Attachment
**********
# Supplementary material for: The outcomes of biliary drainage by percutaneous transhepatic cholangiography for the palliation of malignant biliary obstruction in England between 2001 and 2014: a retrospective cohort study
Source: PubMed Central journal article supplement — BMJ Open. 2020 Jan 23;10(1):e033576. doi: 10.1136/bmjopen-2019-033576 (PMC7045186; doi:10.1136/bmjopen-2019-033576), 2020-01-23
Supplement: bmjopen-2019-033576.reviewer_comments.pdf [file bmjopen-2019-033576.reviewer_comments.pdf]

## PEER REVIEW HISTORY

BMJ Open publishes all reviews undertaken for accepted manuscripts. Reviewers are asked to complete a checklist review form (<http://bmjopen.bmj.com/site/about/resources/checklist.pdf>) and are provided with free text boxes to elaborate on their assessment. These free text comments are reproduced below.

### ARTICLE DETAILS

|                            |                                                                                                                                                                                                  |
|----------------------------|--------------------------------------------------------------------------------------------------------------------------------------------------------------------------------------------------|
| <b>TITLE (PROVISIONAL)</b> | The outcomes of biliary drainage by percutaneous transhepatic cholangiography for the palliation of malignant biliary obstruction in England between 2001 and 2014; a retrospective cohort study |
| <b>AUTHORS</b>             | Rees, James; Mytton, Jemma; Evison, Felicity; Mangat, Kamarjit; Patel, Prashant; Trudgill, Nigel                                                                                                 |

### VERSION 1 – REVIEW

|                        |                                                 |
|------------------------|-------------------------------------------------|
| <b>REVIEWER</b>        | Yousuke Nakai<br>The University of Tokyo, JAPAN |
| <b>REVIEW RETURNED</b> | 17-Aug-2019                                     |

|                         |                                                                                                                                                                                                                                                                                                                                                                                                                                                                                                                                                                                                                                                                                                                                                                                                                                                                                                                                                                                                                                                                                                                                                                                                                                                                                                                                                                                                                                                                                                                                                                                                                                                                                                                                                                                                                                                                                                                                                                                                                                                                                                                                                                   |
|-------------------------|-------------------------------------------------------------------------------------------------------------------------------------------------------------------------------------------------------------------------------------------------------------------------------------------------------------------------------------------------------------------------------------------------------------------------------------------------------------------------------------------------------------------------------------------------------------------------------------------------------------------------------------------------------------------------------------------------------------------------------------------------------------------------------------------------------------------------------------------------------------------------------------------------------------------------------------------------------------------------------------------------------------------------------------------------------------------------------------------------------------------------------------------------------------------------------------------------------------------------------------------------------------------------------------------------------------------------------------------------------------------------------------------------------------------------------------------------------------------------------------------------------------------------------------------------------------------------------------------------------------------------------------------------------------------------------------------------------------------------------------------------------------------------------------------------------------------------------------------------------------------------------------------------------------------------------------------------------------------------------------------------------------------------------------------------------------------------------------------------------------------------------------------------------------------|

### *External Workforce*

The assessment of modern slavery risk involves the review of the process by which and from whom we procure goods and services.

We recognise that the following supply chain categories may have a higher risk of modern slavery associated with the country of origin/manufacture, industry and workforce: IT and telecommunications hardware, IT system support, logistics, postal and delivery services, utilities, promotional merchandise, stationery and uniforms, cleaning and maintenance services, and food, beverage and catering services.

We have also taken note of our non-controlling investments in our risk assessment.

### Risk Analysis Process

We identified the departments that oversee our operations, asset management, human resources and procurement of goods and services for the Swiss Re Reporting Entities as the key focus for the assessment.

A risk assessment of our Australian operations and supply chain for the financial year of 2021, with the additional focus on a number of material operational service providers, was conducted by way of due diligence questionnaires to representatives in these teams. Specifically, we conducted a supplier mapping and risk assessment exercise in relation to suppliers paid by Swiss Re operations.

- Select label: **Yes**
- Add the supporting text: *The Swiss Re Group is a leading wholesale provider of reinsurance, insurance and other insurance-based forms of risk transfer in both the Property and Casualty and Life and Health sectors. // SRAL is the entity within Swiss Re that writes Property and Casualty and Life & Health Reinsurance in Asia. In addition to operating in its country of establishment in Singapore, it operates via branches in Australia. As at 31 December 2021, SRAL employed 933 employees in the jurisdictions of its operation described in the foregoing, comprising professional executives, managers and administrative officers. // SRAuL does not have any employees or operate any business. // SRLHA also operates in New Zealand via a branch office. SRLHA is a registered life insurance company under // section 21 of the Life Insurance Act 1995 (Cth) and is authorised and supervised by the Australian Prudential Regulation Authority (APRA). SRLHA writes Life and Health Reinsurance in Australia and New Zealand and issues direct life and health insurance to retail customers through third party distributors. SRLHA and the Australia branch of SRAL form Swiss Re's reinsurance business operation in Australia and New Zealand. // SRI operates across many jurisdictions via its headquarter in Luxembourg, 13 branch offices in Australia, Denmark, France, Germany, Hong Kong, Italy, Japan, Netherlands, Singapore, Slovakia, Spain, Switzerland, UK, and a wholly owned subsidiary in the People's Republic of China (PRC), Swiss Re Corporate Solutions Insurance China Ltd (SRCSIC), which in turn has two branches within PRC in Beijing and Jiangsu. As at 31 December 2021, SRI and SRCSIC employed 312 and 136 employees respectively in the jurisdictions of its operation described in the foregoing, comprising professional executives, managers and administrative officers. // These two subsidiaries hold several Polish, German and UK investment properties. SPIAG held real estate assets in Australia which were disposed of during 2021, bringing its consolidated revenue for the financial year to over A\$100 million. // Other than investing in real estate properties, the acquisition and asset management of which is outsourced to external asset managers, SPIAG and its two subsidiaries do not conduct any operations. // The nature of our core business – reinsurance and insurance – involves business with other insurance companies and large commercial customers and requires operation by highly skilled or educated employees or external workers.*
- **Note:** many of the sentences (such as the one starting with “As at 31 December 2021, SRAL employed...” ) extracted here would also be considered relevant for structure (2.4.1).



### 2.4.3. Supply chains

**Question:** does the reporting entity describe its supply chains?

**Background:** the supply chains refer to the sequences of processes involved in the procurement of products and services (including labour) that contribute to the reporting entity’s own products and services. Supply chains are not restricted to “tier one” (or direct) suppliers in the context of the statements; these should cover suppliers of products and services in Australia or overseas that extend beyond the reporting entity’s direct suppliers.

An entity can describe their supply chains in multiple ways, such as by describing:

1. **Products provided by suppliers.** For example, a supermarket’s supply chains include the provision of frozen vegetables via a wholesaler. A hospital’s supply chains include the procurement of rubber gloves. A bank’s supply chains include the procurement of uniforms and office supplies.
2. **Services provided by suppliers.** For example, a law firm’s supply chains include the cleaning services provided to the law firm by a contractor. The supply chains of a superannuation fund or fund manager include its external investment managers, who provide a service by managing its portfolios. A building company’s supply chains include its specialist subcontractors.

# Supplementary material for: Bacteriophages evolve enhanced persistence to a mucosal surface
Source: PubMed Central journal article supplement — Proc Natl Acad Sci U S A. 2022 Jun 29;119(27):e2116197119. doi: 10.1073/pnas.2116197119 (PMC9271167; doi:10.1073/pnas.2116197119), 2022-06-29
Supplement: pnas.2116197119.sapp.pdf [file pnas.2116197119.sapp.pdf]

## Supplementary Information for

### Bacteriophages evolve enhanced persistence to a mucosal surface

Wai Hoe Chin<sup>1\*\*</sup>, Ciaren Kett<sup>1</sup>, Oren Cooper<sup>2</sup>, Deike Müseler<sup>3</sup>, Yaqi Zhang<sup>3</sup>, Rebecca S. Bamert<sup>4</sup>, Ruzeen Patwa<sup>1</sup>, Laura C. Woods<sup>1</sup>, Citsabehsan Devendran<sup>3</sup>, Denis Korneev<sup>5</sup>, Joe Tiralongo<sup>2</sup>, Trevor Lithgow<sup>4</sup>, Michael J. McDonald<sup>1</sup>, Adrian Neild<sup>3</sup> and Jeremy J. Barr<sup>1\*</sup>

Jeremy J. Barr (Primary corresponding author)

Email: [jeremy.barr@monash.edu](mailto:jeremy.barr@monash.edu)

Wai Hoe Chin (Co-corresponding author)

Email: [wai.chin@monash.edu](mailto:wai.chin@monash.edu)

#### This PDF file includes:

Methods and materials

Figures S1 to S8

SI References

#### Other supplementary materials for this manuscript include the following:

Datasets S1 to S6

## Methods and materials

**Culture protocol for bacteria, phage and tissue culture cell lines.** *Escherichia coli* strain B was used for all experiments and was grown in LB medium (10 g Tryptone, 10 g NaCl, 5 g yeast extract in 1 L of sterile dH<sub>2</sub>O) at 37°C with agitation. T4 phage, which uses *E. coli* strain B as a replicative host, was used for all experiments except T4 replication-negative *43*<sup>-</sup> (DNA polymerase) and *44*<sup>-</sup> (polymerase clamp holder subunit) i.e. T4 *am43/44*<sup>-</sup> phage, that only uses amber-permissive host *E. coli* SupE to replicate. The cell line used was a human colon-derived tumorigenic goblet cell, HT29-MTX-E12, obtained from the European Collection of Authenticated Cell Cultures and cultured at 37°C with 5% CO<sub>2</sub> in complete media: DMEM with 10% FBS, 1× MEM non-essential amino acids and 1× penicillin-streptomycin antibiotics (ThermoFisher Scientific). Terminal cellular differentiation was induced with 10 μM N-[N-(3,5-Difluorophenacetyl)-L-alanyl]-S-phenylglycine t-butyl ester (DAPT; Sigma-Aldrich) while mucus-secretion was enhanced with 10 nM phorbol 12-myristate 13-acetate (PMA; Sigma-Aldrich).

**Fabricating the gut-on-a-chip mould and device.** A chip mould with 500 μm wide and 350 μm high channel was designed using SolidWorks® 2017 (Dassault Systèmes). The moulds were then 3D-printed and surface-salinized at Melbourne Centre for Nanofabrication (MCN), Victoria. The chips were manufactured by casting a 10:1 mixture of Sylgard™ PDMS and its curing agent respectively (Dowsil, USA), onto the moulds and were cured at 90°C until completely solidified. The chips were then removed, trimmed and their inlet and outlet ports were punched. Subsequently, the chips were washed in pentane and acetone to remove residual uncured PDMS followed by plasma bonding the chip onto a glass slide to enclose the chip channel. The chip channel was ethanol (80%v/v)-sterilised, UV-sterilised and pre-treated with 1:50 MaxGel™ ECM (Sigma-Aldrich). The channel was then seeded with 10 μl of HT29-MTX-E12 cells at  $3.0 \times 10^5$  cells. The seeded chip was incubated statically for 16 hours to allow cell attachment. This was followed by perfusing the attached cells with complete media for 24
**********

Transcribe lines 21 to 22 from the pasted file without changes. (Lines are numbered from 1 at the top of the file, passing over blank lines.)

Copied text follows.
We have also taken note of our non-controlling investments in our risk assessment.

### Risk Analysis Process